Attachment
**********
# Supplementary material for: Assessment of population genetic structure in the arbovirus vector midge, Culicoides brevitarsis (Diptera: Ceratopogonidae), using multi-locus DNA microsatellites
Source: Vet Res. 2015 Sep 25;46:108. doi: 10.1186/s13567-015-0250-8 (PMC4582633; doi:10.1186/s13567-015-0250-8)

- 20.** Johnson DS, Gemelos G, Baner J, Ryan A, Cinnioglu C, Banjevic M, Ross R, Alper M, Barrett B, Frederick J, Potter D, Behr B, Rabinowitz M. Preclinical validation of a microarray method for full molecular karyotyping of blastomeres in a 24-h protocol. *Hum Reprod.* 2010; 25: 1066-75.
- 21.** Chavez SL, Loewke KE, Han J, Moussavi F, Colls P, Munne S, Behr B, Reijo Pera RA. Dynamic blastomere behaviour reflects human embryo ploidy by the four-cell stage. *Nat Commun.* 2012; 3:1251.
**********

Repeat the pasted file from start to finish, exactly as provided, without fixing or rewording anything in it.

# Supplementary material for: Assessment of population genetic structure in the arbovirus vector midge, Culicoides brevitarsis (Diptera: Ceratopogonidae), using multi-locus DNA microsatellites
Source: Vet Res. 2015 Sep 25;46:108. doi: 10.1186/s13567-015-0250-8 (PMC4582633; doi:10.1186/s13567-015-0250-8)

- 20.** Johnson DS, Gemelos G, Baner J, Ryan A, Cinnioglu C, Banjevic M, Ross R, Alper M, Barrett B, Frederick J, Potter D, Behr B, Rabinowitz M. Preclinical validation of a microarray method for full molecular karyotyping of blastomeres in a 24-h protocol. *Hum Reprod.* 2010; 25: 1066-75.
- 21.** Chavez SL, Loewke KE, Han J, Moussavi F, Colls P, Munne S, Behr B, Reijo Pera RA. Dynamic blastomere behaviour reflects human embryo ploidy by the four-cell stage. *Nat Commun.* 2012; 3:1251.